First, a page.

Prior to their arrival in the Bodleian Libraries Conservation Workshop, the posters had been stored — folded in four, piled on top of one another – and forgotten about for several decades.  (Two posters had received treatment in the 1970s – they were backed on linen – and it was seeing these two posters, albeit much faded, that sparked interest in exploring the remaining poster fragments further.) When conservation staff first saw the pile of heavily fragmented paper it was impossible, even, to determine the number of posters in the set as they were in a very poor condition: extremely brittle, desiccated, yellowed and dusty. In addition, there were many detached pieces and small fragments scattered around the larger components. Consequently, readers’ access to the posters’ content for research and study was impossible — and that is the reason why they required conservation treatment.

Figure 2 – Detail of pile of posters surrounded by detached pieces and small fragments


II.b. Conservation treatment 

Conservation assessment revealed that the group consisted of twenty posters,  split vertically down their centres, with the exception of one poster, found in the centre of the set, that was split horizontally down its centre.  The result, therefore, was 40 half-posters, plus many smaller, detached pieces (partly because the way they had been folded for so long had created tears along the fold lines).

Figure 3 – PdW 1939/24 left half split in its middle

The aim of the conservation treatment was to be as minimum interventionist to the extent, but at the same time to make the posters accessible for research and study. Hence the treatment had to provide a safe way for staff and readers to handle the posters.

At the Conservation Workshop, we devised a systematic treatment applicable to all of the posters.  Each poster’s half would be repaired as invisibly as possible, and reassembled.  We decided, however, to leave each half-poster in its separate state, and not to rejoin the two halves of each the posters.  Twenty full-size posters would have made these already fragile objects extremely difficult to handle and store.  For example, even safe retrieval from plan-chest drawers and transport for reader viewing would have been susceptible to damage.  For similar reasons of fragility, when we unfolded the posters we decided to treat them from their recto; flipping the posters to treat them on their verso would have necessitated further handling and caused yet more tears and losses.

Another conservation choice was to restrict humidification treatment to the extent possible as this would have damaged the posters’ paper, already prone to structural deterioration and staining due to its acidic content.  Close observation and testing of the inks’ colour stability, however, revealed that the paper was stable enough to be locally treated.

The local repair treatment of the posters consisted of two steps: (1) flattening  the fold creases and (2) rejoining the tears.  Firstly, the creases were flattened with a solution of ethanol diluted at 50% in deionized water. This formula allows for the paper fibres to be released and the creases to unfold by increasing the humidity in a controlled and localised way.  The solution was lightly brushed on top of the posters’ creases and left to dry under a polyethylene spunbound sheet (Bondina®), a piece of blotting paper or felt, and a light weight.  Secondly, the tears were rejoined with Dow 4M Methocel diluted at 5% in deionized water, and applied onto Japanese mending Tengu long-fibred paper (3.5gsm).  Dow 4M Methocel is a purified derivative of cellulose that can be used as a conservation adhesive.  It is easy to remove in the event a more in-depth conservation is subsequently be required — i.e., it is reversible.  (An example of such an in-depth conservation approach might consist of a full lining of the posters, using Japanese long-fibred paper, to structurally reinforce the entire object; this might be done if the posters were to be hung vertically for an extended period – e.g., for an exhibition.) The long-fibred repair paper was cut into 4 x 8 mm strips to create “bridges” each side of the posters’ tears. As with the treatment of the creases, these repairs were left to dry under a polyethylene spunbound sheet (Bondina®), a piece of blotting paper or felt, and a light weight.  Since the approach to using these strips was minimal, the result is that these ‘bridges’ are almost invisible and the visual interference almost non-existent.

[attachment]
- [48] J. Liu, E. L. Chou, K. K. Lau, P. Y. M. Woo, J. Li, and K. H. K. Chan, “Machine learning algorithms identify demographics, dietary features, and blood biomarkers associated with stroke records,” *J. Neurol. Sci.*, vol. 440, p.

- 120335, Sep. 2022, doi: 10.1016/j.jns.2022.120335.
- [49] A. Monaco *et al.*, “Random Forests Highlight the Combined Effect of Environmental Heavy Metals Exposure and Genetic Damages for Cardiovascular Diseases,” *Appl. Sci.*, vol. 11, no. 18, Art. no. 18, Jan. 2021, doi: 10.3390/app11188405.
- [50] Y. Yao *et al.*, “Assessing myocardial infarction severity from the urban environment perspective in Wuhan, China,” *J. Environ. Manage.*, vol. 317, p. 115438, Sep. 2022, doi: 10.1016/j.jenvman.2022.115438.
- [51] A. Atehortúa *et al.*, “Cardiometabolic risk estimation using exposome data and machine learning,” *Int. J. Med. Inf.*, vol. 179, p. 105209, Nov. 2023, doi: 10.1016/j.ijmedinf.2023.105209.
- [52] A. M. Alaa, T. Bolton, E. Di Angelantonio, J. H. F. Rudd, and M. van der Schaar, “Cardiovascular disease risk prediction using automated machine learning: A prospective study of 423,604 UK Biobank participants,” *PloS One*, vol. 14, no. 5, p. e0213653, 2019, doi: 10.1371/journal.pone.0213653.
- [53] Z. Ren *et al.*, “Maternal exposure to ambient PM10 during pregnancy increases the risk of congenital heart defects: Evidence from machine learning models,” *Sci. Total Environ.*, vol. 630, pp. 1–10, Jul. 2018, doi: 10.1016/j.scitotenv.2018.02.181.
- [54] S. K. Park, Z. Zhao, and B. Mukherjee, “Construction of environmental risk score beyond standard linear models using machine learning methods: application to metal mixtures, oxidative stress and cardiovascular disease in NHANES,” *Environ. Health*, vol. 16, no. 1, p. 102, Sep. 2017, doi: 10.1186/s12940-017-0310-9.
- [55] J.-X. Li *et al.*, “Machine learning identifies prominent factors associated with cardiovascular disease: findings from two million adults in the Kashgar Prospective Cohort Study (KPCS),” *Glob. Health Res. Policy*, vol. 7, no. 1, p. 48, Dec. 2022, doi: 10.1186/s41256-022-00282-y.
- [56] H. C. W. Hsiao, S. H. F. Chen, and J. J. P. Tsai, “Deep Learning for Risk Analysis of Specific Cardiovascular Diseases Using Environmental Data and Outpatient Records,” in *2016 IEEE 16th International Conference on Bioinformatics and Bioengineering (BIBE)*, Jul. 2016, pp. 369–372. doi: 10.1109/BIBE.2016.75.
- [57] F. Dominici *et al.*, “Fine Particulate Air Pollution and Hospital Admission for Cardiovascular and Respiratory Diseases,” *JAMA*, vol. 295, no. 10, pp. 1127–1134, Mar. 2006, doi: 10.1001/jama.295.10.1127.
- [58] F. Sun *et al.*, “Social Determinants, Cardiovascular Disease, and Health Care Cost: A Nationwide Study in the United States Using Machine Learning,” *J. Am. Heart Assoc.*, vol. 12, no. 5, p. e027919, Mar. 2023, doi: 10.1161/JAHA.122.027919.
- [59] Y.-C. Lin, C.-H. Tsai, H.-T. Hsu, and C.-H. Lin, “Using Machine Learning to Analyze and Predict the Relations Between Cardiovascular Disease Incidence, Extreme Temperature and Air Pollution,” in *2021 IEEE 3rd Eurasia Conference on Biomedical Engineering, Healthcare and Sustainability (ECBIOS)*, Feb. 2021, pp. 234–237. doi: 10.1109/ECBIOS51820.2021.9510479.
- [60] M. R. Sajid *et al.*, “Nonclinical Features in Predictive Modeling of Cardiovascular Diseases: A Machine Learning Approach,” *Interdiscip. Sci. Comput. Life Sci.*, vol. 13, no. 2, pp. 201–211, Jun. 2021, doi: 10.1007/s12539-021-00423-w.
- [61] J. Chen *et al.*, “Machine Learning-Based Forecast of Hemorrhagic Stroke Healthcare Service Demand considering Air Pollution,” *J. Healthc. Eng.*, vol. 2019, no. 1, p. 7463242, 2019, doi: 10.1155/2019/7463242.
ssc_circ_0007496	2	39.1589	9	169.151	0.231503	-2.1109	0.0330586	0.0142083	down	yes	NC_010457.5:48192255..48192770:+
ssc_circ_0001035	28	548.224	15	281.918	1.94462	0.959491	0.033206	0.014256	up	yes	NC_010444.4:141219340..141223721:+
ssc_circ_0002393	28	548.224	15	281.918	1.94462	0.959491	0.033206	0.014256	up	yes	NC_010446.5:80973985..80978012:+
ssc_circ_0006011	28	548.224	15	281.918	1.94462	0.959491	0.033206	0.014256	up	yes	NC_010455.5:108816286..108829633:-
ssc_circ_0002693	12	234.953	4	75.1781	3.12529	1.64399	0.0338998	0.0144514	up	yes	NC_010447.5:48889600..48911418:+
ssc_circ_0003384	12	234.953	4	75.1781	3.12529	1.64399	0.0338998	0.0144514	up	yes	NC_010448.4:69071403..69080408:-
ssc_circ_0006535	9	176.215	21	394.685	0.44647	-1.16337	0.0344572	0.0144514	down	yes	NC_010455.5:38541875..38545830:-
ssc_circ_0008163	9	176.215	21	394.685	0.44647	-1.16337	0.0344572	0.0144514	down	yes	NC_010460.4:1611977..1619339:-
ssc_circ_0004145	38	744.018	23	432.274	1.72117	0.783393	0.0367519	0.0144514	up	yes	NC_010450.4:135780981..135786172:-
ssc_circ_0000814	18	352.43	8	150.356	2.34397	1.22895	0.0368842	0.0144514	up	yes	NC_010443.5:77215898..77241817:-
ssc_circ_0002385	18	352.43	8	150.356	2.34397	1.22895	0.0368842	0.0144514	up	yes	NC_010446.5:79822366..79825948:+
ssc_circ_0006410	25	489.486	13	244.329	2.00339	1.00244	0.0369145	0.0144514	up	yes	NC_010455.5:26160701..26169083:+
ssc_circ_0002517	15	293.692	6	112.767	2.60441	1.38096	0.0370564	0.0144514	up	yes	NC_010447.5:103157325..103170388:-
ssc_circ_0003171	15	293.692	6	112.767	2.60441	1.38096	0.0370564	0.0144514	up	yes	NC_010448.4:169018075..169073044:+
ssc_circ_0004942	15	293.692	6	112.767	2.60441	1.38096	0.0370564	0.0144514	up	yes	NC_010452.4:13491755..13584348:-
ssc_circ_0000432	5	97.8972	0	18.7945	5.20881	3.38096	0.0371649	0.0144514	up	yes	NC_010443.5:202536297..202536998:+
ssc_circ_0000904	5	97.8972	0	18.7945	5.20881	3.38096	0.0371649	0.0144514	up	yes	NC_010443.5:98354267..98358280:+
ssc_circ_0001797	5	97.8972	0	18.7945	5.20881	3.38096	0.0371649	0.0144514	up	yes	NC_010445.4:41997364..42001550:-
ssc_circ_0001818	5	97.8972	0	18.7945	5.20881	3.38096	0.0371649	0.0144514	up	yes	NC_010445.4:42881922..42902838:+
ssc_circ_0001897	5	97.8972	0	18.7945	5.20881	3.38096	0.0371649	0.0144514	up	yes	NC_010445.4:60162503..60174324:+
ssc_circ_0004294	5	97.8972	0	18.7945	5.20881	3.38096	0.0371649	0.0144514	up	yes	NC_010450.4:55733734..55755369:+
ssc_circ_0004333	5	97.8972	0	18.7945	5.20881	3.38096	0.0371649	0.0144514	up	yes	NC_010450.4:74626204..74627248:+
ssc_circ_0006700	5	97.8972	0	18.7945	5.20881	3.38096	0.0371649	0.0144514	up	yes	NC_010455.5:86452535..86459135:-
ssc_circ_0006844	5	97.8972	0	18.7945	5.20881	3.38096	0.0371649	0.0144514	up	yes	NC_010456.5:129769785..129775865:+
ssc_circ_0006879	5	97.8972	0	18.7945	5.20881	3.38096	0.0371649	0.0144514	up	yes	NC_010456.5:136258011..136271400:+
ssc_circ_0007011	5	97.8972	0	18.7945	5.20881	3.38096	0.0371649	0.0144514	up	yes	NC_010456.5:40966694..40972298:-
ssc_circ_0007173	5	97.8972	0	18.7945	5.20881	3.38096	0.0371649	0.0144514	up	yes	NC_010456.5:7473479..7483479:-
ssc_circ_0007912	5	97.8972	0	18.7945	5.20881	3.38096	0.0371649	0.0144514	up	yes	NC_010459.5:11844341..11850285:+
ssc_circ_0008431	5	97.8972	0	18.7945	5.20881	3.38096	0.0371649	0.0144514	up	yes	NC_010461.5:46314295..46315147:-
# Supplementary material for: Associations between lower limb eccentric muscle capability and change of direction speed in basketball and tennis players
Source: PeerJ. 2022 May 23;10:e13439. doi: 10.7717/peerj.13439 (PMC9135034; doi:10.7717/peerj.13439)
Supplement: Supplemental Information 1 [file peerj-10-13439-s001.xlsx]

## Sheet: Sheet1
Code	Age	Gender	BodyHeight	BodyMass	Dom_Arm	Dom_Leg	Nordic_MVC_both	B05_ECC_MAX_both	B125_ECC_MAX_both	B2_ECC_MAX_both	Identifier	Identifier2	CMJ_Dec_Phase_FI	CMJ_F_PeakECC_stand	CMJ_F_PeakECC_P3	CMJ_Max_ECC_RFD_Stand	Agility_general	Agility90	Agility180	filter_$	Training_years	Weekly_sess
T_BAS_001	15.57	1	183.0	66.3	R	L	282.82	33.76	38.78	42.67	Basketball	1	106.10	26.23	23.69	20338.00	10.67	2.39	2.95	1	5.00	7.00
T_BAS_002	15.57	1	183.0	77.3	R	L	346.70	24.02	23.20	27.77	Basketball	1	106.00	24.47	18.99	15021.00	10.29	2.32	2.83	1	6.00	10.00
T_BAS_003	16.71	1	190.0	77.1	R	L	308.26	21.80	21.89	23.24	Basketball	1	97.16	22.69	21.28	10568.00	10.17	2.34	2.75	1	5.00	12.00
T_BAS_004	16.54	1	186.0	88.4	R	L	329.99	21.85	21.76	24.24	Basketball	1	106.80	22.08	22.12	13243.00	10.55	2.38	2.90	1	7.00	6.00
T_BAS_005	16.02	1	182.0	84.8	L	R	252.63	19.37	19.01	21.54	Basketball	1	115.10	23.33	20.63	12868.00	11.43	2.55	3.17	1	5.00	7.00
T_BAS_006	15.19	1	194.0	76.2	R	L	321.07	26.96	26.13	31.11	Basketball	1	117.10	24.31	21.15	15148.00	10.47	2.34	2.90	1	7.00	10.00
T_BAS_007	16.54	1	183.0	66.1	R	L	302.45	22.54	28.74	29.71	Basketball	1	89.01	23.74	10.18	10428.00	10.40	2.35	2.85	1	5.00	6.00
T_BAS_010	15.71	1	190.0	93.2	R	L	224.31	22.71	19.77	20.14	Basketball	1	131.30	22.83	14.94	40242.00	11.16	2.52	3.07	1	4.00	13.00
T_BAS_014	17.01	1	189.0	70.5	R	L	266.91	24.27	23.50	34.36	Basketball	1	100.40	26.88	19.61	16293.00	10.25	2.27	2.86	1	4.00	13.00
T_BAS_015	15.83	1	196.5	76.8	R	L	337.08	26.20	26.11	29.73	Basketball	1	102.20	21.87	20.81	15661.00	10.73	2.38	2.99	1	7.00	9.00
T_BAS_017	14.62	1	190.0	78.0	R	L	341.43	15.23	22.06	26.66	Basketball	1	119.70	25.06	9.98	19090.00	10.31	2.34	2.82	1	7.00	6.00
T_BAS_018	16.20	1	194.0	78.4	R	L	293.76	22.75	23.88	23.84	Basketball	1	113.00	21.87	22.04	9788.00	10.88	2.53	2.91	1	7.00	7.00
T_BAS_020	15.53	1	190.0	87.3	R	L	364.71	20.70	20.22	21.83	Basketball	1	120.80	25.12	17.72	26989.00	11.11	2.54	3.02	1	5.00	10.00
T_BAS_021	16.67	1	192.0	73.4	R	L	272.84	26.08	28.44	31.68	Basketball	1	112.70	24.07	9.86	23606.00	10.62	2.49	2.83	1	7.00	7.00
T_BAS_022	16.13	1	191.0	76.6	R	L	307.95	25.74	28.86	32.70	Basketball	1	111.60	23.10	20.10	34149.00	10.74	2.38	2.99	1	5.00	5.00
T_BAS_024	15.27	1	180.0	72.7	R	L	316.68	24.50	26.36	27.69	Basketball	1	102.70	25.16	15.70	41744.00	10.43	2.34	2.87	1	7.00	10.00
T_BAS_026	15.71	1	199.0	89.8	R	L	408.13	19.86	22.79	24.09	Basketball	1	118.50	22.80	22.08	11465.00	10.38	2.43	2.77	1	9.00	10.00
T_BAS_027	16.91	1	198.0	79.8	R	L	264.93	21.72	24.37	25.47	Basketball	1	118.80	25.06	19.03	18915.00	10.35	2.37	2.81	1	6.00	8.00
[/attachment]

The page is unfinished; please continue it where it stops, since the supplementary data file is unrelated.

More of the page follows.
(Left)Figure 4 – PdW 1939/33 left half split in its middle before treatment
(Right) Figure 5 – PdW 1939/33 left half reconstituted after treatment



Following conservation treatment, each poster was rehoused in a 91 x 66.5 cm polyethylene sleeve (Melinex®).  Each posters’ sleeve is labelled chronologically according to its “Parole der Woche” week number for the year 1939, and each half of the poster is also clearly identified. Paper conservators provided recommendations on the optimal flat housing for the 40 half-posters (plus the two that had been lined some years ago).  At the Sackler Library  the posters will be stored in a 12-drawer plan chest, large enough to view each poster’s two half-sections side-by-side, and sufficiently shallow to prevent too many posters resting on top of  each other (thus reducing manual handling issues).

Together, the Sackler/Taylor posters form a fascinating research and study collection.  Their historical value and rare visual-textual testimony of World War II propaganda materials make them an invaluable source for academics and students seeking to understand the power of words and images — and their design interaction — during a critical period of European history.  The conservation treatment carried out by the Bodleian Libraries’ paper conservators has now made them safely available for research, study and short-term display at the University of Oxford.